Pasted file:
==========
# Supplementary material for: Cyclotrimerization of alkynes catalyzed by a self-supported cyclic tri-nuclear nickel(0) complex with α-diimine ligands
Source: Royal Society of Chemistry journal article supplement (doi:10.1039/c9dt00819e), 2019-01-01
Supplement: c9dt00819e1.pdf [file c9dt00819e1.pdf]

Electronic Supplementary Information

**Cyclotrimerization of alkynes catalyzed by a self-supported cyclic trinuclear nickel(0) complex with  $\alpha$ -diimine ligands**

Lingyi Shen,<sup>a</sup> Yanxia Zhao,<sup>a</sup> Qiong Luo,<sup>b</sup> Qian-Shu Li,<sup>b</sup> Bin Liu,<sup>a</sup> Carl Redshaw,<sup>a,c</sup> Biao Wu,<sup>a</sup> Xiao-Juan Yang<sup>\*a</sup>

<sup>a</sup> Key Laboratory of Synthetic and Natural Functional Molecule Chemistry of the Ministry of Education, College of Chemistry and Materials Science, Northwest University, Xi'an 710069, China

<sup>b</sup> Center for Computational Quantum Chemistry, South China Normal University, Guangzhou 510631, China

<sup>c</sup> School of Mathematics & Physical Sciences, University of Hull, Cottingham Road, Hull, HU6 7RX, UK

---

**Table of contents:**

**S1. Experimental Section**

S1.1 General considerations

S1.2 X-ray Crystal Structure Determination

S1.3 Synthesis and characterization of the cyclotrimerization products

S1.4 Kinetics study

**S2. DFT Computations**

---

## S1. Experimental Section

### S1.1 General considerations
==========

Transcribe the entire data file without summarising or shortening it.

# Supplementary material for: Cyclotrimerization of alkynes catalyzed by a self-supported cyclic tri-nuclear nickel(0) complex with α-diimine ligands
Source: Royal Society of Chemistry journal article supplement (doi:10.1039/c9dt00819e), 2019-01-01
Supplement: c9dt00819e1.pdf [file c9dt00819e1.pdf]

Electronic Supplementary Information

**Cyclotrimerization of alkynes catalyzed by a self-supported cyclic trinuclear nickel(0) complex with  $\alpha$ -diimine ligands**

Lingyi Shen,<sup>a</sup> Yanxia Zhao,<sup>a</sup> Qiong Luo,<sup>b</sup> Qian-Shu Li,<sup>b</sup> Bin Liu,<sup>a</sup> Carl Redshaw,<sup>a,c</sup> Biao Wu,<sup>a</sup> Xiao-Juan Yang<sup>\*a</sup>

<sup>a</sup> Key Laboratory of Synthetic and Natural Functional Molecule Chemistry of the Ministry of Education, College of Chemistry and Materials Science, Northwest University, Xi'an 710069, China

<sup>b</sup> Center for Computational Quantum Chemistry, South China Normal University, Guangzhou 510631, China

<sup>c</sup> School of Mathematics & Physical Sciences, University of Hull, Cottingham Road, Hull, HU6 7RX, UK

---

**Table of contents:**

**S1. Experimental Section**

S1.1 General considerations

S1.2 X-ray Crystal Structure Determination

S1.3 Synthesis and characterization of the cyclotrimerization products

S1.4 Kinetics study

**S2. DFT Computations**

---

## S1. Experimental Section

### S1.1 General considerations